I had a haircut in the village yesterday. The woman who cuts it regularly has previously told me she’s 22 years old. She also has a half-brother who lives in the United States (in the Midwest) and is married to an American woman.
Let’s call her “Sophie.” I don’t know much about her non-work life, only that she grew up in, and lives in, nearby Hitchin. But I was surprised when she told me that despite where her half-brother lives, she has never been to the U.S.
I had increasingly taken it for granted that most English younger people travel on some level internationally, especially to the United States. She said she has been to “the continent” – to France and to Spain. But that’s it.
As she cut and we chatted further, it dawned on me that my generational travel assumption was faulty probably at least in part because my pool of under-30 “personal knowledge” has shrunk considerably over time. That’s probably to be expected. For one, I no longer work at a university.
And my friends have matured along with me, so I don’t really know “under-30s” as friends any longer. The “under-30s” I generally do know now are the children of friends, or relatives such as my niece and nephews. Most of them have visited America.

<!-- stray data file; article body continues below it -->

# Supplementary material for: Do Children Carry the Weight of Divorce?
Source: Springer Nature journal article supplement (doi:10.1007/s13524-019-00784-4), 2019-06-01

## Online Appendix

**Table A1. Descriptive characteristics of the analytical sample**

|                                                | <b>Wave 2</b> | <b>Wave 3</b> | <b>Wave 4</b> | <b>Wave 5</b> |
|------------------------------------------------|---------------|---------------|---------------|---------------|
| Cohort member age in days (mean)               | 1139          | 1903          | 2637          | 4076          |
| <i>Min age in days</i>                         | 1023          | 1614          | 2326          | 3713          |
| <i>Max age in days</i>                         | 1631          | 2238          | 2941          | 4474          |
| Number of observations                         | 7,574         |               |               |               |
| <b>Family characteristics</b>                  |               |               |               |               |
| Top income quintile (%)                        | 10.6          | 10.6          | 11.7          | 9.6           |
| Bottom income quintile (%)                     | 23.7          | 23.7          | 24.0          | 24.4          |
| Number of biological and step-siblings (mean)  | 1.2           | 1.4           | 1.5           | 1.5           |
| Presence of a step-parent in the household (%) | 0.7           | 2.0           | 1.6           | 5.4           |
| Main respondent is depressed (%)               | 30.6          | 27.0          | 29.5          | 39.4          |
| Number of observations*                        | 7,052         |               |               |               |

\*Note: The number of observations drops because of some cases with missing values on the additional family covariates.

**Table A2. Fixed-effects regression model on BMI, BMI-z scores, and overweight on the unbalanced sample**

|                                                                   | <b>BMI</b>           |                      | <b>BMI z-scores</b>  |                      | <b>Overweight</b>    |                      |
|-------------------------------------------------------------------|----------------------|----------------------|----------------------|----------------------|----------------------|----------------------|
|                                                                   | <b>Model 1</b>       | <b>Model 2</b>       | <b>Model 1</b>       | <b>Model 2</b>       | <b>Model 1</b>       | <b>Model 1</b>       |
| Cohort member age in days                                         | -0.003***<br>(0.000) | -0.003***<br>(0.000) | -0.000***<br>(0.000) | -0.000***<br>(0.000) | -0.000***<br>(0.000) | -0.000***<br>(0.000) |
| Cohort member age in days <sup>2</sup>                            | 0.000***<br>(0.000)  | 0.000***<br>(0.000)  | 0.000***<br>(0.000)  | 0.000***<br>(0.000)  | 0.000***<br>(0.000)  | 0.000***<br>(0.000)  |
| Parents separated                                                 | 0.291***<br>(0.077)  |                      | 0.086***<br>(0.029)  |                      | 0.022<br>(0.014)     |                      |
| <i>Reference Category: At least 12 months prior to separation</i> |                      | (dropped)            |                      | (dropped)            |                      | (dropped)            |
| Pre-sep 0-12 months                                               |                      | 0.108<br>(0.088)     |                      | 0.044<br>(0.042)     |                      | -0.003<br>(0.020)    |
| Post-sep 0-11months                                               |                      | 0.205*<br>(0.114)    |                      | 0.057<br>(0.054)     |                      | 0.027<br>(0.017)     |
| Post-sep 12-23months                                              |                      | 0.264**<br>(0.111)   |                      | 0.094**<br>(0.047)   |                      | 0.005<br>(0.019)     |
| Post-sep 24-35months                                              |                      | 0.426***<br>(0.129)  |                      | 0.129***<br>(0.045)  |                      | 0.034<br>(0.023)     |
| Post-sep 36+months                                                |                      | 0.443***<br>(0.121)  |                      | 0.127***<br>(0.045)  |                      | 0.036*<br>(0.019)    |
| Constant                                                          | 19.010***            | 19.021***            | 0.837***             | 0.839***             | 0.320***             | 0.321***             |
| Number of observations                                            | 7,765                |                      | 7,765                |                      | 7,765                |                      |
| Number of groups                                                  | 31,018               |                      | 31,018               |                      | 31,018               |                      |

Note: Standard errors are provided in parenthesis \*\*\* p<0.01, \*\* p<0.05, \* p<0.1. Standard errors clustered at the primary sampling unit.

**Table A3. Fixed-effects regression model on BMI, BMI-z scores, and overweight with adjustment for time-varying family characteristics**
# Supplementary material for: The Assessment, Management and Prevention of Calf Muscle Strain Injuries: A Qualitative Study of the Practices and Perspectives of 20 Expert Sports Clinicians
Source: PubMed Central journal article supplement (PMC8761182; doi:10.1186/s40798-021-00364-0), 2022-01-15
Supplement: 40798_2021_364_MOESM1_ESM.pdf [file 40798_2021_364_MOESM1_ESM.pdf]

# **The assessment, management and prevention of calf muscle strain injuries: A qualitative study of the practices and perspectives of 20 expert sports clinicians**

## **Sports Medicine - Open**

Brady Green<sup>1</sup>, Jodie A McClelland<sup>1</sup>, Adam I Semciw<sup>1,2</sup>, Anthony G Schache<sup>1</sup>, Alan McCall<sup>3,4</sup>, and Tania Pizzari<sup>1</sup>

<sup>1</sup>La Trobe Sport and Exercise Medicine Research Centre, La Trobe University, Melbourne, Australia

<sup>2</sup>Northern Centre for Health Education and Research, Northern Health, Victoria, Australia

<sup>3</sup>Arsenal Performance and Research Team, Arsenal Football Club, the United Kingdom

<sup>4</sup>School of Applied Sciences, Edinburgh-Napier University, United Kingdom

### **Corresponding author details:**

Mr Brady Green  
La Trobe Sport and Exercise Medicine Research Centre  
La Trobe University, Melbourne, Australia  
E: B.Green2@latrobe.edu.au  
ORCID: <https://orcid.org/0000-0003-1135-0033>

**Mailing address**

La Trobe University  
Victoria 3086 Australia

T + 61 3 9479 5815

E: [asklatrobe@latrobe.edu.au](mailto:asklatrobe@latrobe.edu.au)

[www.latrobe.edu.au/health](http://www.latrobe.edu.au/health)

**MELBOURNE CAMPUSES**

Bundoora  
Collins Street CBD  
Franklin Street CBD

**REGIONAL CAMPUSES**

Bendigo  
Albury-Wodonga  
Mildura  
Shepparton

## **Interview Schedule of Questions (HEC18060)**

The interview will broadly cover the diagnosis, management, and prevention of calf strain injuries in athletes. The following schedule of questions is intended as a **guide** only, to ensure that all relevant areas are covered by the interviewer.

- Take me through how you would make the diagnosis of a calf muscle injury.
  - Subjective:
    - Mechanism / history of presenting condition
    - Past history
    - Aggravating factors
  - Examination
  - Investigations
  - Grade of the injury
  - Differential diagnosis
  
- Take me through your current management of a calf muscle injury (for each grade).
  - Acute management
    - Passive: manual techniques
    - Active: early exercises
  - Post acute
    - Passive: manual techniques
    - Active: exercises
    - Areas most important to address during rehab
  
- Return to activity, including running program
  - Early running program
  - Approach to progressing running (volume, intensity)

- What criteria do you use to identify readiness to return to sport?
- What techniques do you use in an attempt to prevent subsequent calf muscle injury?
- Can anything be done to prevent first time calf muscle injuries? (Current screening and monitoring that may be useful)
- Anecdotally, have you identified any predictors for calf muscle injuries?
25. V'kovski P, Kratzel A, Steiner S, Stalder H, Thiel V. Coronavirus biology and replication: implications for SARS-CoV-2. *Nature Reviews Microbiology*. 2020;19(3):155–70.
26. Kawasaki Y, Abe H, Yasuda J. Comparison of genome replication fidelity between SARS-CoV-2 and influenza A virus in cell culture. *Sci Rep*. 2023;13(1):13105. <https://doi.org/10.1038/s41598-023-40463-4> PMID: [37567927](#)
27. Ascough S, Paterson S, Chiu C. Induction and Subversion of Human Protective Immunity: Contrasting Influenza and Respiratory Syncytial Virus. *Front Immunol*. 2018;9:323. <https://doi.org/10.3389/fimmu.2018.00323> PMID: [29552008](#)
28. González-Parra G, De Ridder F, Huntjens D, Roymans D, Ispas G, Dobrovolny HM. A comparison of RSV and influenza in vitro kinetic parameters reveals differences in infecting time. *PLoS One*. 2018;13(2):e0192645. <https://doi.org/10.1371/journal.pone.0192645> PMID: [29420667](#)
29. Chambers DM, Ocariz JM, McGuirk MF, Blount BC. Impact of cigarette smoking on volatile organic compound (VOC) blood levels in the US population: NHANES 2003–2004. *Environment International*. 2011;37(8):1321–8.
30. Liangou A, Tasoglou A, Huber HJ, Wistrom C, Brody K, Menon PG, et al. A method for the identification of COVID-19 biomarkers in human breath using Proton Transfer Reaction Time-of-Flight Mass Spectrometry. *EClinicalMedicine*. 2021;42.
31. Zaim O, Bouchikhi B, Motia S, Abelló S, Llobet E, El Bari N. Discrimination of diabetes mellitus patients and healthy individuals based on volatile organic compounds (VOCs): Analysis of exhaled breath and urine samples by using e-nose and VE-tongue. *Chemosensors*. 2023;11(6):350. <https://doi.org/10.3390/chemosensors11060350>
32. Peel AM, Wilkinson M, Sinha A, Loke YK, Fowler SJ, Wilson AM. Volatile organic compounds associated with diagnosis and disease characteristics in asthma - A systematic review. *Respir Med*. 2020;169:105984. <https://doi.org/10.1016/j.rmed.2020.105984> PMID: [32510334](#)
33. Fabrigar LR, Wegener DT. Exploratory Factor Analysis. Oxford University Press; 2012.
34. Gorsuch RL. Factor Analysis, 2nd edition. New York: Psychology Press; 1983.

Misassumptions can be a two way street as well, of course. I got a bit of a depressing shocker when my age came up and “Sophie” revealed she thought I was A LOT older than I am. And I mean a lot older.
I’m sure I have “aged” outwardly since mid-2014. No doubt the strain of nearly losing my father to heart trouble that year, and then suddenly my mother and my uncle both dying within two weeks of each other in 2015, has taken its toll. But, geez, I hadn’t thought I looked that much older.
I suspected “Sophie” realized before the words were even entirely out of her mouth that she’d made something of an embarrassing “oops.” Quickly she reversed herself and awkwardly tried to recover. I laughed and let her off the hook: “I’m not there quite yet.”
I gave her a small tip anyway. Tipping is not as customary here as in the United States, and I don’t go overboard. I do it because she does a good job and she’s relentlessly pleasant.
And I suppose at heart I’ll also always be a New Yorker. Even if we know we shouldn’t, we can feel uncomfortable if we don’t tip at least something. Recently my dad told me this tale (who knows if it’s true or not) that he’d read about Frank Sinatra once tipping a U.S. hotel concierge $100:
“Thank you, Mr. Sinatra. We look forward to seeing you again.”
“What’s the biggest tip you ever got from anybody?”
“A hundred, Mr. Sinatra.”
“Here. Take this. That’s $200.”
“Oh, thank you very much, Mr. Sinatra.”
“By the way, who tipped you that hundred?”
“Uh, you did, Mr. Sinatra.”
Have a good day, whatever your age, and wherever you are the world. 🙂